General Motors Corp. said it will cut 21,000 U.S. factory jobs by next year, phase out its storied Pontiac brand and ask the government to take company stock in exchange for half of GM’s government debt as part of a major restructuring effort needed to get more government aid.
The struggling automaker also said it will offer 225 shares of common stock for every $1,000 in notes held by bondholders as part of a debt-for-equity swap.
The announcements came in a filing this morning with the Securities and Exchange Commission.
GM is surviving on $15.4 billion in government loans and faces a June 1 deadline to restructure and get more government money. If the restructuring doesn’t satisfy the government, the company could go into bankruptcy protection.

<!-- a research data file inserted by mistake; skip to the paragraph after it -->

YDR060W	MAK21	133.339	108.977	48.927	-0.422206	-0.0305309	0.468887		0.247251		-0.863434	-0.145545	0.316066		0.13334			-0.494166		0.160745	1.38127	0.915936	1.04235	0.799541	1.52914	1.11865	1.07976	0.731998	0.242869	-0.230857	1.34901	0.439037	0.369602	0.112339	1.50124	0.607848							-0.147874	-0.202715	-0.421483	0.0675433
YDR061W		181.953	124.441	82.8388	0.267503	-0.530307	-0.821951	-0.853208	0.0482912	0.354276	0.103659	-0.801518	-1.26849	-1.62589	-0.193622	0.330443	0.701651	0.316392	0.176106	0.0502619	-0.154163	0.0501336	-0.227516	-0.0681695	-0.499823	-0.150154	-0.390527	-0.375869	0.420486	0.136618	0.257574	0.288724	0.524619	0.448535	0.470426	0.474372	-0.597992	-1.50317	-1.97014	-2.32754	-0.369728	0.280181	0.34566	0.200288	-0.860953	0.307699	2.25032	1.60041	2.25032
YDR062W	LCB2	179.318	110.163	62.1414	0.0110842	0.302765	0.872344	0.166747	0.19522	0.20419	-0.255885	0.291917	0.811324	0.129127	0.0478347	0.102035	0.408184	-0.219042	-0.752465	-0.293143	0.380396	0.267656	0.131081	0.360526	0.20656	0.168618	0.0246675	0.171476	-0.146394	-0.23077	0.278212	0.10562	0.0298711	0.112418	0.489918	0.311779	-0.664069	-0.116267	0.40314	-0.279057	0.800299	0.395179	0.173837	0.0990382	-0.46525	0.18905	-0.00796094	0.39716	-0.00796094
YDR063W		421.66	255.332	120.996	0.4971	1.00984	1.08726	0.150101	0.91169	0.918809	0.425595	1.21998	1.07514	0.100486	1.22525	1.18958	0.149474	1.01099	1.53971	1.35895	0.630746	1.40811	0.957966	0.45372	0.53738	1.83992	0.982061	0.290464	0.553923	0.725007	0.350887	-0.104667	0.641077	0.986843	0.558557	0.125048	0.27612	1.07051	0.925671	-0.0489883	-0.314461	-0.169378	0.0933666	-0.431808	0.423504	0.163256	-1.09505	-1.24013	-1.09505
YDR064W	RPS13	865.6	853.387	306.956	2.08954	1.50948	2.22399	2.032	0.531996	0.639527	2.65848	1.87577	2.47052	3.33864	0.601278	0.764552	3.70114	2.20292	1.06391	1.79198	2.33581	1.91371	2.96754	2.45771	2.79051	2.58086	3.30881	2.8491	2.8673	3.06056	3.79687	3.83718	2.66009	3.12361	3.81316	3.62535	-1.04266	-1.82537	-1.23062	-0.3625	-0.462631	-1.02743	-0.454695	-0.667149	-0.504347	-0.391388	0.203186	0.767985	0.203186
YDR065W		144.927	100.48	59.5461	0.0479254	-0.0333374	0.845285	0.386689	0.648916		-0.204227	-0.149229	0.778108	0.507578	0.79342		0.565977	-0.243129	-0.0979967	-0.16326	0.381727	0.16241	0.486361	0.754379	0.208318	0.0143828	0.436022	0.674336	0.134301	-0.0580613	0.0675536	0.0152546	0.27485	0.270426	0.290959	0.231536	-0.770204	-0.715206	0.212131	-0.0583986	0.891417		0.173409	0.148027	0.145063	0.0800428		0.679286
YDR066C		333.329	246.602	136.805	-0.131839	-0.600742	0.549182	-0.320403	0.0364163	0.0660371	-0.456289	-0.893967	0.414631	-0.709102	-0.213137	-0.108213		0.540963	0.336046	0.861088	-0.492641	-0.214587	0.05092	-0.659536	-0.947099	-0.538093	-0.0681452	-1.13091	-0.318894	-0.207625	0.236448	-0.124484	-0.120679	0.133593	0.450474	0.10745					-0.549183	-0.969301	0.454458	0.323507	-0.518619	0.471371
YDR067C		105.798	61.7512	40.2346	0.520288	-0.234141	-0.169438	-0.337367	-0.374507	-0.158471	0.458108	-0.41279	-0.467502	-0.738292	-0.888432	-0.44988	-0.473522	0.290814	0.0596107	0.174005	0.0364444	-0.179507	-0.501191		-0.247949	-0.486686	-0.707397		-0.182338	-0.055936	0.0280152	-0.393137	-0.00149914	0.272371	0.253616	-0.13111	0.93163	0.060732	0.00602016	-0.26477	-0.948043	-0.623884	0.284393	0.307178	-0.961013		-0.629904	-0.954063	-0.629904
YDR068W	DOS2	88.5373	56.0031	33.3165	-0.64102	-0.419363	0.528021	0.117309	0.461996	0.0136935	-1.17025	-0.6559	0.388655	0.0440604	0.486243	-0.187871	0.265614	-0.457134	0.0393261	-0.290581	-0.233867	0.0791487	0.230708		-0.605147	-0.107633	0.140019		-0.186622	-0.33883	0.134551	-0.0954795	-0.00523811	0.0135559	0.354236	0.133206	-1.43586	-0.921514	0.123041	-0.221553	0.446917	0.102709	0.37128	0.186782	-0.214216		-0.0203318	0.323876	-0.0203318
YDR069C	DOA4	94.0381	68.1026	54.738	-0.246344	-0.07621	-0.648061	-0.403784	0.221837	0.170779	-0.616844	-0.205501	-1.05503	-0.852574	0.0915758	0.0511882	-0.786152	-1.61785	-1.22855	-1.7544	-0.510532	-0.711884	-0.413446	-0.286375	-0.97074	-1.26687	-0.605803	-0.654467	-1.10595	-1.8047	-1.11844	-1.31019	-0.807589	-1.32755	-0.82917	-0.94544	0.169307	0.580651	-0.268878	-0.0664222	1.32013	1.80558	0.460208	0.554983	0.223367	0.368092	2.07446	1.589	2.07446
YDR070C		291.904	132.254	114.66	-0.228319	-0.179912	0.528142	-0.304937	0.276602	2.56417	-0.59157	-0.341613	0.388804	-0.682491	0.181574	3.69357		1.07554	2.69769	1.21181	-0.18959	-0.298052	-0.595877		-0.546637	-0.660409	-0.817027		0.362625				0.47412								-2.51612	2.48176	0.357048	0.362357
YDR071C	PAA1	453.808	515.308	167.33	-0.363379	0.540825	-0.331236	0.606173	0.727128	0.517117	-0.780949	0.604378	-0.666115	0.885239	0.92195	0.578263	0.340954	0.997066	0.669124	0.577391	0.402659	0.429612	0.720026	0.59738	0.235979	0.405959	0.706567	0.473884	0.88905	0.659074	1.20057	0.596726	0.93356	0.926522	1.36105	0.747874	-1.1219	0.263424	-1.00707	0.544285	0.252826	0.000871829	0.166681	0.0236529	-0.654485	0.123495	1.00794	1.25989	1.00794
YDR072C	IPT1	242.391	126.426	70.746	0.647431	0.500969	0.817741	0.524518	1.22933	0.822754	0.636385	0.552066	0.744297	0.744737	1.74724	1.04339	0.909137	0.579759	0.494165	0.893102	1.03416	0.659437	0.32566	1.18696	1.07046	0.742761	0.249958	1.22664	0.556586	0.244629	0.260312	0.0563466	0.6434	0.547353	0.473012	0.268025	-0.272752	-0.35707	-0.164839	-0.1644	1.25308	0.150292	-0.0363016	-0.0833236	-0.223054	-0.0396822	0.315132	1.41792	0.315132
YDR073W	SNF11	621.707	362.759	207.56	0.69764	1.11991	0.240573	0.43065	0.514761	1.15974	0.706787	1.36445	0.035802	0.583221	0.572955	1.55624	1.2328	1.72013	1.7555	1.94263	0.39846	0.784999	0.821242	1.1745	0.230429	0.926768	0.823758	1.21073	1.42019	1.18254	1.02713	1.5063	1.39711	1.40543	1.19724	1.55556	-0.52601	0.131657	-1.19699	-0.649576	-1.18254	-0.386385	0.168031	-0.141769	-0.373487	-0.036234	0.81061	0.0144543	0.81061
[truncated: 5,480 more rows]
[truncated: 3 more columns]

GM said in a press release that it also will ask the government to take 50 percent of its common stock in exchange for canceling half the government loans to the company as of June 1.
GM said the bond exchange would wipe away $27 billion in unsecured debt if successful. The company estimates that after the exchange, bondholders would own 10 percent of the company.
In addition, GM is offering the United Auto Workers stock for at least 50 percent of the $20 billion the company must pay into a union run trust that will take over retiree health care expenses starting next year.
All the stock offerings mean that current common stockholders would own only 1 percent of the company under the deals, the press release says.